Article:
Feds Delete Colombo Capo's Decisive Role in Civil Rights Murder Probe

The Justice Department did not include a single reference to Colombo captain Greg Scarpa in its final Mississippi Burning Case report
The car in which three civil rights volunteers were murdered in 1964.

The Justice Department recently closed a decades-long, multi-pronged investigation into the 1964 murders of three civil rights volunteers in Mississippi by members of the Ku Klux Klan.

On June 21 that state's Attorney General, James Hood, held a press conference during which he said, "I am convinced that during the last 52 years, investigators have done everything possible under the law to find those responsible and hold them accountable .... we have determined that there is no likelihood of any additional convictions. Absent any new information presented to the F.B.I. or my office, this case will be closed."

The Justice Department's report to the Mississippi AG on the final investigation into the June 21, 1964 murders of Michael Schwerner, 24, and Andrew Goodman, 20, both white New Yorkers, and James Chaney, 21, a black Mississippian, is 48 pages long and includes not one reference to Colombo crime family captain/high-echelon informant Gregory Scarpa.




If anyone believes the KKK is dead or dormant or inactive, they'd be flat out wrong. The white supremacist group has more than 5,000 members and associates comprising more than 40 formal groups in many states across this nation; each group is made up of chapters. There are more than 100 KKK chapters in America.

"Of all the types of right-wing hate groups that exist in the United States, the Klan remains the one with the greatest number of national and local organizations around the country," the Anti-Defamation League noted.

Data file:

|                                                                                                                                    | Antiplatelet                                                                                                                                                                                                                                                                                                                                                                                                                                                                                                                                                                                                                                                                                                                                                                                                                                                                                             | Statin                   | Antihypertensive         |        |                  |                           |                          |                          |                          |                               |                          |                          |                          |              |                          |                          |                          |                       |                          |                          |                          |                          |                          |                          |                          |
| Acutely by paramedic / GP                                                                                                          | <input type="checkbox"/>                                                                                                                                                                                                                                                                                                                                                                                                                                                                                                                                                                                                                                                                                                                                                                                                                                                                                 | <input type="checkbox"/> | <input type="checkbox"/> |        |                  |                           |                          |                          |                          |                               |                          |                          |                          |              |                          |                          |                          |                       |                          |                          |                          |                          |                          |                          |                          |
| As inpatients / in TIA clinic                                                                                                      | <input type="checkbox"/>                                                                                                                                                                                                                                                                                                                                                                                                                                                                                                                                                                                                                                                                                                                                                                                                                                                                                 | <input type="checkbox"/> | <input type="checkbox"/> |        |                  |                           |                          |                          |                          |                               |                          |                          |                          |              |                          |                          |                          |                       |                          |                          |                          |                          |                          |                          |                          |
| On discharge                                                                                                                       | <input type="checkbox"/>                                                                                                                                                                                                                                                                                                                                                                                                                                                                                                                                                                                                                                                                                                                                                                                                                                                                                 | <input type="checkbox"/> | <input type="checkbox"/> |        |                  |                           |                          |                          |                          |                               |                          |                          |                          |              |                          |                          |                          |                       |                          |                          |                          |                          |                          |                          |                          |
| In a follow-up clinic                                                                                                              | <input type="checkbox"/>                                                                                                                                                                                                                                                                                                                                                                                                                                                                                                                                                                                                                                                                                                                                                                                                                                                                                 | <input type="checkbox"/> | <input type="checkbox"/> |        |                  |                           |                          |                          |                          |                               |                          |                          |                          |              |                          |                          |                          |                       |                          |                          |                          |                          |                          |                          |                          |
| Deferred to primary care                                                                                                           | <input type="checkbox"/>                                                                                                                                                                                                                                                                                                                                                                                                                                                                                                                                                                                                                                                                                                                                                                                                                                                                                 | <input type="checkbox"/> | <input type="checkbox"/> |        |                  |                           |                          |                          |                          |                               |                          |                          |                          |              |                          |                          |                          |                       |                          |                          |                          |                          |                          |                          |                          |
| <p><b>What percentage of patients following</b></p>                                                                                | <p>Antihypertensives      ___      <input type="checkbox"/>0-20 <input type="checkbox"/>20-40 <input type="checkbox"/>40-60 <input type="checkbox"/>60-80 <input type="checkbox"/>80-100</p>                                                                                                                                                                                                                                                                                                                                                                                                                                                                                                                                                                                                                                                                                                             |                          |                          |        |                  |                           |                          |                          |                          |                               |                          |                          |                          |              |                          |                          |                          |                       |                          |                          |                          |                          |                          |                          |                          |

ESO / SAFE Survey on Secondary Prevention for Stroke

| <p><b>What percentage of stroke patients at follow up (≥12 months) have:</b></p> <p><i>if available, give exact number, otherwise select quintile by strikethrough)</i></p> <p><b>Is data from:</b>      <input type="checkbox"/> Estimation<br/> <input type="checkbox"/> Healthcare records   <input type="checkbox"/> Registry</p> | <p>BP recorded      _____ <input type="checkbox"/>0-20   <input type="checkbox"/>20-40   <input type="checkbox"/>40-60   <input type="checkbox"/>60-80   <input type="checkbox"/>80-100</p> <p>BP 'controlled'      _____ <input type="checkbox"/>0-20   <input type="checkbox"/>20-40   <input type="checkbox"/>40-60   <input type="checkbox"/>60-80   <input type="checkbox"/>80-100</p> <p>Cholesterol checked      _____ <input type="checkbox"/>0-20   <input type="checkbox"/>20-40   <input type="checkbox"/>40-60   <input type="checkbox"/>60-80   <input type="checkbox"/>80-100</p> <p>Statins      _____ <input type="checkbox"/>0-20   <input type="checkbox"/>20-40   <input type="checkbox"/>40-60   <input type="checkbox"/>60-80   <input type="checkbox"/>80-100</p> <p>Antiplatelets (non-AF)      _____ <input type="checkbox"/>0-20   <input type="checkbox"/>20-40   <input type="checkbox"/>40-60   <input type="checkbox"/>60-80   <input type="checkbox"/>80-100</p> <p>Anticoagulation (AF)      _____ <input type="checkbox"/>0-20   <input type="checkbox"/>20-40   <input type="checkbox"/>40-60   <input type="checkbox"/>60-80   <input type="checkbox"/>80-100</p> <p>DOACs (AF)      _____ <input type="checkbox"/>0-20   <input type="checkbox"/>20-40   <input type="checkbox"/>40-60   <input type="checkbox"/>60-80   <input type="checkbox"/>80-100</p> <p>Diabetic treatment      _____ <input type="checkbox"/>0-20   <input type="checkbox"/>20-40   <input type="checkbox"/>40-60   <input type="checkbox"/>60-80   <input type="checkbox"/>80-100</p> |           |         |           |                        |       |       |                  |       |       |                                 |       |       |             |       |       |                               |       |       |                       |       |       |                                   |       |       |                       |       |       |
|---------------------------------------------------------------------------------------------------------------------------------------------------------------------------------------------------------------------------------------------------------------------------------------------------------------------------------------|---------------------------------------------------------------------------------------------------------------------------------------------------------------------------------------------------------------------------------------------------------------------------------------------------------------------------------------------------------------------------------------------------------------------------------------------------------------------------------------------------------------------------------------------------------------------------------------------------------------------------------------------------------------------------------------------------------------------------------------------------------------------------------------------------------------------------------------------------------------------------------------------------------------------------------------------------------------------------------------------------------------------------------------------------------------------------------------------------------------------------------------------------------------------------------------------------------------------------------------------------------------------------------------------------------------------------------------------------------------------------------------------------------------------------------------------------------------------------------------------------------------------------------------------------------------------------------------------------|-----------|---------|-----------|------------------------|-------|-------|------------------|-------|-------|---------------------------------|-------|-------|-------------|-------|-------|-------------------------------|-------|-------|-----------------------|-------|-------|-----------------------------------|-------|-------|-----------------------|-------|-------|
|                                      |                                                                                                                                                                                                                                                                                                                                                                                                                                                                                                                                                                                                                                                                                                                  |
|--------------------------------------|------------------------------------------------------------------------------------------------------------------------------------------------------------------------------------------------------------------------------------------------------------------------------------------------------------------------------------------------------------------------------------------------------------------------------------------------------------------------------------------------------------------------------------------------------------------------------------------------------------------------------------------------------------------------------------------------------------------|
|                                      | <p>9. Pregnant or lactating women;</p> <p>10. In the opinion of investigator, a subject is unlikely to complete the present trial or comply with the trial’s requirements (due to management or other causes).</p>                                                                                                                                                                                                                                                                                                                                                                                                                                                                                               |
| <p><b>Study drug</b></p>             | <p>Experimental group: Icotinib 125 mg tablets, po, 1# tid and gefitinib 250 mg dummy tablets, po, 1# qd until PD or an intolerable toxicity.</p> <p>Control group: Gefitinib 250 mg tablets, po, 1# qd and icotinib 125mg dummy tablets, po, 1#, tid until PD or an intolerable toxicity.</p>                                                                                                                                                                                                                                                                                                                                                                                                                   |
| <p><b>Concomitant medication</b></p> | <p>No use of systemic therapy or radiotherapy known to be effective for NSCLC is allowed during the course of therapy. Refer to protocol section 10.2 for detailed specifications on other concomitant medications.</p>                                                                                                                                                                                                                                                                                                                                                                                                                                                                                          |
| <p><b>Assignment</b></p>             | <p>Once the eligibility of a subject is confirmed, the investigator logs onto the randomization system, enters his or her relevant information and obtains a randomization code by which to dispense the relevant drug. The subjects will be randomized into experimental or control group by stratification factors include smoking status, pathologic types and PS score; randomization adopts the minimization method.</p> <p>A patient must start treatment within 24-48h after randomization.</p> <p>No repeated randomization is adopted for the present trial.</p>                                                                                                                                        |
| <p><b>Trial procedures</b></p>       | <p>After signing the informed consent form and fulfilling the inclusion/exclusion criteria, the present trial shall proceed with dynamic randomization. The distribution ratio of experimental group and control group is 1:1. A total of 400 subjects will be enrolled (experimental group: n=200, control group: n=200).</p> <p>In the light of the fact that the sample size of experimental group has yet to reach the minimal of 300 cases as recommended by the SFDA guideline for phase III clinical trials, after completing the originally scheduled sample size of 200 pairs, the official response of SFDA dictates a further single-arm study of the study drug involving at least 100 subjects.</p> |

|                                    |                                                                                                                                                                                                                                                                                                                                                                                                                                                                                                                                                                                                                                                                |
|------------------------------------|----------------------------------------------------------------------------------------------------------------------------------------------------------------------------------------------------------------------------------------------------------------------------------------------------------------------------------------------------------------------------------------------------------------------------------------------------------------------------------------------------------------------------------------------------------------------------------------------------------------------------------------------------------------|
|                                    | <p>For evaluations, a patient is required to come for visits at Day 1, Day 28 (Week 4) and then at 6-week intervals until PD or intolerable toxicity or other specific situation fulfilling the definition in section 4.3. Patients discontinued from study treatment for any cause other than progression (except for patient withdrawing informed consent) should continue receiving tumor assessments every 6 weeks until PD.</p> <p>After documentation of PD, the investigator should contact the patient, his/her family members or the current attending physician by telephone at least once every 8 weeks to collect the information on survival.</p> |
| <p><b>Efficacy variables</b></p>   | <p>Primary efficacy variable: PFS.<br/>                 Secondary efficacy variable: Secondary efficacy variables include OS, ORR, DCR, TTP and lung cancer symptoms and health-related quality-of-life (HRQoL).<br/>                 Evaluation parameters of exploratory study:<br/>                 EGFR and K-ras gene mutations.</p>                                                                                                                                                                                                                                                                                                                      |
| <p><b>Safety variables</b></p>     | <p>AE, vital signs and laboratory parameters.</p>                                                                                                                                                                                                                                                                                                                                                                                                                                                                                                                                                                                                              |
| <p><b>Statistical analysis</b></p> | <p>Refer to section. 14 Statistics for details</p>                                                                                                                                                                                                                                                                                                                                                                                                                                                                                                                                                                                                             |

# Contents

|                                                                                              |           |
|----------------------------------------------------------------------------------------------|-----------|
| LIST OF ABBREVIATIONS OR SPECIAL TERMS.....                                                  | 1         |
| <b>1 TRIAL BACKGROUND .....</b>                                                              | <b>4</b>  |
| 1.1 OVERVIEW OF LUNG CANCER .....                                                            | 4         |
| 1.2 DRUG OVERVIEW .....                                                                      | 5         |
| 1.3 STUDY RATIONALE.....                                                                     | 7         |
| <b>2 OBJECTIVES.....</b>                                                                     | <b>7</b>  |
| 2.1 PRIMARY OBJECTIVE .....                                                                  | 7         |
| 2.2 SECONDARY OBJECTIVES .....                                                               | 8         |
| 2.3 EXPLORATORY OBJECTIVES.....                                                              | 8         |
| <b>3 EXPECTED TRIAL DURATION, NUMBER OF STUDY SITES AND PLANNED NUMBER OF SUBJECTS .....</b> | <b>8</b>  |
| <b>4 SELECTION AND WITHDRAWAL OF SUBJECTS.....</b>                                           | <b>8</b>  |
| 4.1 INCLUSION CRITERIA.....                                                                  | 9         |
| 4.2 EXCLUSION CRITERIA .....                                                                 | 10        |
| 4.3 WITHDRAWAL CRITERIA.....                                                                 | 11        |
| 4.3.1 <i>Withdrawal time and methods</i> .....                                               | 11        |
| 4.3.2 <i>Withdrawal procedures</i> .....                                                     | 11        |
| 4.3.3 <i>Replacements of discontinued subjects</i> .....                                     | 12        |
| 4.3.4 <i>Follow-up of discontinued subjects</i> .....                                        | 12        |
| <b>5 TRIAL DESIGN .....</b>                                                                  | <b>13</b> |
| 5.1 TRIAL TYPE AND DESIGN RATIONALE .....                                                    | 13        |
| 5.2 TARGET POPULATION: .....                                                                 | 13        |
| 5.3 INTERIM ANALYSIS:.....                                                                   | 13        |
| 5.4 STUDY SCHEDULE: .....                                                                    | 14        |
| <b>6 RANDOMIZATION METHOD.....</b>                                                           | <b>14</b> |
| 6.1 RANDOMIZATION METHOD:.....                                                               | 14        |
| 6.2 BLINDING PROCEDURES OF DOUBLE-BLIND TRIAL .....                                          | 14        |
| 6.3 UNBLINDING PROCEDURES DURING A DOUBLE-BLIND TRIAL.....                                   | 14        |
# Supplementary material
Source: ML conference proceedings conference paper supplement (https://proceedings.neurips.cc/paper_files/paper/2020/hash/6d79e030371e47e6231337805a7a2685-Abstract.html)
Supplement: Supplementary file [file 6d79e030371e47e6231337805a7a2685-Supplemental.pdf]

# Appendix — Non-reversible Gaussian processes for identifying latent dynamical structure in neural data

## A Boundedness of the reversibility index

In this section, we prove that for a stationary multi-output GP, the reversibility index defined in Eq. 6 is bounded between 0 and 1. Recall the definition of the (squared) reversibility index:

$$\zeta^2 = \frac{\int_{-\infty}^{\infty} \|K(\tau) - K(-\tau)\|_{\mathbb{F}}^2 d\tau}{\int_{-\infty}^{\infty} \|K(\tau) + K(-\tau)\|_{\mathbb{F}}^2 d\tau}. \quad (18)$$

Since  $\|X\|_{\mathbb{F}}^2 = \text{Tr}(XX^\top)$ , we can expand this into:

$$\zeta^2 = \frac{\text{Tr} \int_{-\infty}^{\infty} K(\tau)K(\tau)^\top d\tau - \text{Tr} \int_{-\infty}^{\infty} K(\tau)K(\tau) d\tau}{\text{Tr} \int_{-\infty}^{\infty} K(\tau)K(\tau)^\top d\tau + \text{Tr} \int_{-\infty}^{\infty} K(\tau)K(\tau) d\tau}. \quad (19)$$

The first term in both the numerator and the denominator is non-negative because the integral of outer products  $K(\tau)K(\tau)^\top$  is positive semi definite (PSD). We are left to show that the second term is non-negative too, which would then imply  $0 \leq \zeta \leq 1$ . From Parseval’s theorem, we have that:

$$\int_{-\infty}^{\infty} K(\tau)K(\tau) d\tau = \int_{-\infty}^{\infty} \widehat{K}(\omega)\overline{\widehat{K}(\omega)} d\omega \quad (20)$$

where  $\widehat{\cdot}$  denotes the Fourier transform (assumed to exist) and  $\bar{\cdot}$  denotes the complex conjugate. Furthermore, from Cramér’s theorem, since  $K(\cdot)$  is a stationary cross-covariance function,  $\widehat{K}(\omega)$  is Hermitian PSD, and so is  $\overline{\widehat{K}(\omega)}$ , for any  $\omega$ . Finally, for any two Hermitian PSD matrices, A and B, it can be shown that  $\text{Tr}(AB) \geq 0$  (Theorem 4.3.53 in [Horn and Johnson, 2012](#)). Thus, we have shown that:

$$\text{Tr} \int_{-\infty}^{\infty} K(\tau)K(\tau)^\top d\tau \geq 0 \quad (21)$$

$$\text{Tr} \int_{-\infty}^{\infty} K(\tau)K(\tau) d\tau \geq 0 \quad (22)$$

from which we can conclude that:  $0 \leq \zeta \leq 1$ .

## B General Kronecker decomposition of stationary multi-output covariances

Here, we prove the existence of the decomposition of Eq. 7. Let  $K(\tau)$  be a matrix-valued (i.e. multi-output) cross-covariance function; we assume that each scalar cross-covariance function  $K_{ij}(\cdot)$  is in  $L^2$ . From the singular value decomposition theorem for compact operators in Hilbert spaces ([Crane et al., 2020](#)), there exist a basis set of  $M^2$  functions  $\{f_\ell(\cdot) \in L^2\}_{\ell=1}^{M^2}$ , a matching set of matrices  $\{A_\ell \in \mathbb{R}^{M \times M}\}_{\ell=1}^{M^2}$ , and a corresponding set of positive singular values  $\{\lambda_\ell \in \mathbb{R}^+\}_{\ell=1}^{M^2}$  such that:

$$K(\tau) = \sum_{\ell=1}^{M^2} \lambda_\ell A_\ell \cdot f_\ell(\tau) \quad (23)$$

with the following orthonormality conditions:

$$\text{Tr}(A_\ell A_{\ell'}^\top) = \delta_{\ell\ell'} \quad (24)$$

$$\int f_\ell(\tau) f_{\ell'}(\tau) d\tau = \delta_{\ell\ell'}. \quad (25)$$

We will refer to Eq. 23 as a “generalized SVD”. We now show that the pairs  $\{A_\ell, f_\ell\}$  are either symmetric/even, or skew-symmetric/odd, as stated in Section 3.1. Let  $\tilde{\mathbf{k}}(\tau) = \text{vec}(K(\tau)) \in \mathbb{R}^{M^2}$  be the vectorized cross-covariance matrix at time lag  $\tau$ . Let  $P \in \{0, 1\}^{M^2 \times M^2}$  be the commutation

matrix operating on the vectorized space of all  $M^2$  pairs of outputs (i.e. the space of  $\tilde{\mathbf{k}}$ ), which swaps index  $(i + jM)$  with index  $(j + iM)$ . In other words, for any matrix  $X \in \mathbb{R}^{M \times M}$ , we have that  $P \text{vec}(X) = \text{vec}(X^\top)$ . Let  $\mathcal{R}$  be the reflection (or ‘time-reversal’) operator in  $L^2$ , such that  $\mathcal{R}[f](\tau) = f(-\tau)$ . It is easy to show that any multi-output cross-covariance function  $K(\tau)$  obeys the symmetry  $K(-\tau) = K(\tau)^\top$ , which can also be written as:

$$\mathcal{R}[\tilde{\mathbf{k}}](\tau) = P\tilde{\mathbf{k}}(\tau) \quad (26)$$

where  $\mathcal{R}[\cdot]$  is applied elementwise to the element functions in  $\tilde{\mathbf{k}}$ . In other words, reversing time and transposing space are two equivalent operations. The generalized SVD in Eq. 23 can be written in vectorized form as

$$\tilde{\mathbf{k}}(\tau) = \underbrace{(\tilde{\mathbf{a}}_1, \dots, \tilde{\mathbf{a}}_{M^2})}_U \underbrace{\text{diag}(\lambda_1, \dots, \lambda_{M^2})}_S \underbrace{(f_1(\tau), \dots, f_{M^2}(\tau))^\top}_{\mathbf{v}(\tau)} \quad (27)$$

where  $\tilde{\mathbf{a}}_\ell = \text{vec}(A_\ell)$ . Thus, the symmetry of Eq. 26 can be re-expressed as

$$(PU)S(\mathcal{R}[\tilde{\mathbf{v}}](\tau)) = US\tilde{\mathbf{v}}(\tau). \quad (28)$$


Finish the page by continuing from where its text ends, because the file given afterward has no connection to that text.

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The most recent investigation — the FBI's third since 1964 — launched following passage of the Emmett Till Unsolved Civil Rights Crime Act in 2008, which created a United States Justice Department unit expressly to investigate unsolved civil rights-era homicides.

The murders, which occurred while the three students were driving through Neshoba and Lauderdale Counties, Mississippi, on a remote back-road (and were depicted in the film Mississippi Burning), prompted an intense federal investigation. That investigation, plus a re-examination in more recent years, led to eight trial convictions and one guilty plea.





Edgar Ray Killen, a KKK member who masterminded the triple homicide, was convicted in 2005.

The Mississippi Burning case is closed -- and not only have the Feds not delineated Scarpa's already well-known role in at least two civil rights cases (during which he served as the FBI's enforcer, a for-hire legitimate tough guy who obtained confessions through torture or threats of torture and murder) they have completely erased the violent, murderous longtime Mafioso/informant from the report.

The nearly unbelievable news that a violent member of one of New York's Five Families had actually worked in the FBI's employment, a decision made by J. Edgar Hoover himself, was broken by Jerry Capeci and Tom Robbins; Capeci didn't formally write about the June release of the DOJ document, but he previously noted his role in breaking the story for the New York Daily News, published on June 21, 1994: